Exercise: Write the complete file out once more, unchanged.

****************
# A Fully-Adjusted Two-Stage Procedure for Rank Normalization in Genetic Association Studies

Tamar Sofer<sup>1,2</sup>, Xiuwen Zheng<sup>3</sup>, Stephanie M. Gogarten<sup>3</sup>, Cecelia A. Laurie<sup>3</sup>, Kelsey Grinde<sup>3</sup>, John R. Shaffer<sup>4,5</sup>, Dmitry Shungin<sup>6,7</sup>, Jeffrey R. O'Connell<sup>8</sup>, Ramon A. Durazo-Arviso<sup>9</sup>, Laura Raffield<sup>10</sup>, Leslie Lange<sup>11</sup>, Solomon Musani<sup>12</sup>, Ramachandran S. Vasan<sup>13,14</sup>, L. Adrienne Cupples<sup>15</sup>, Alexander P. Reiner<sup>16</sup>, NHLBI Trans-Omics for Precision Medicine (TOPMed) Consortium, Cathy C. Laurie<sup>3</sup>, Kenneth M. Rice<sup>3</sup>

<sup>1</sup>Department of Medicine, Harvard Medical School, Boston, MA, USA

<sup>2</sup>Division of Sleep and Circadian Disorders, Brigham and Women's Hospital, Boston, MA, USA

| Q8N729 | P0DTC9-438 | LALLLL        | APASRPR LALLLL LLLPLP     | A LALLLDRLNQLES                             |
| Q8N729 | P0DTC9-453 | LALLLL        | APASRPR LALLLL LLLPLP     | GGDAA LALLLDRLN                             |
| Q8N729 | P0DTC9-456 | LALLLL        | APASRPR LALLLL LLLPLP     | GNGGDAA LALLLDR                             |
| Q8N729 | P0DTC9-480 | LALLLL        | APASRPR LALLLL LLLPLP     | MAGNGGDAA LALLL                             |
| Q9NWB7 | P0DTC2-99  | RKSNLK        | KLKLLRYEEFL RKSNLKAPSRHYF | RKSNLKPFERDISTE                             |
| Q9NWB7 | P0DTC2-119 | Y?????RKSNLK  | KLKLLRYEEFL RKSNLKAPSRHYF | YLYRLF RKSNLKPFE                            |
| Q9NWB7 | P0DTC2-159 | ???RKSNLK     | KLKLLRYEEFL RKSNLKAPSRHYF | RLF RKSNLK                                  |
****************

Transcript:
# A Fully-Adjusted Two-Stage Procedure for Rank Normalization in Genetic Association Studies

Tamar Sofer<sup>1,2</sup>, Xiuwen Zheng<sup>3</sup>, Stephanie M. Gogarten<sup>3</sup>, Cecelia A. Laurie<sup>3</sup>, Kelsey Grinde<sup>3</sup>, John R. Shaffer<sup>4,5</sup>, Dmitry Shungin<sup>6,7</sup>, Jeffrey R. O'Connell<sup>8</sup>, Ramon A. Durazo-Arviso<sup>9</sup>, Laura Raffield<sup>10</sup>, Leslie Lange<sup>11</sup>, Solomon Musani<sup>12</sup>, Ramachandran S. Vasan<sup>13,14</sup>, L. Adrienne Cupples<sup>15</sup>, Alexander P. Reiner<sup>16</sup>, NHLBI Trans-Omics for Precision Medicine (TOPMed) Consortium, Cathy C. Laurie<sup>3</sup>, Kenneth M. Rice<sup>3</sup>

<sup>1</sup>Department of Medicine, Harvard Medical School, Boston, MA, USA

<sup>2</sup>Division of Sleep and Circadian Disorders, Brigham and Women's Hospital, Boston, MA, USA

| Q8N729 | P0DTC9-438 | LALLLL        | APASRPR LALLLL LLLPLP     | A LALLLDRLNQLES                             |
| Q8N729 | P0DTC9-453 | LALLLL        | APASRPR LALLLL LLLPLP     | GGDAA LALLLDRLN                             |
| Q8N729 | P0DTC9-456 | LALLLL        | APASRPR LALLLL LLLPLP     | GNGGDAA LALLLDR                             |
| Q8N729 | P0DTC9-480 | LALLLL        | APASRPR LALLLL LLLPLP     | MAGNGGDAA LALLL                             |
| Q9NWB7 | P0DTC2-99  | RKSNLK        | KLKLLRYEEFL RKSNLKAPSRHYF | RKSNLKPFERDISTE                             |
| Q9NWB7 | P0DTC2-119 | Y?????RKSNLK  | KLKLLRYEEFL RKSNLKAPSRHYF | YLYRLF RKSNLKPFE                            |
| Q9NWB7 | P0DTC2-159 | ???RKSNLK     | KLKLLRYEEFL RKSNLKAPSRHYF | RLF RKSNLK                                  |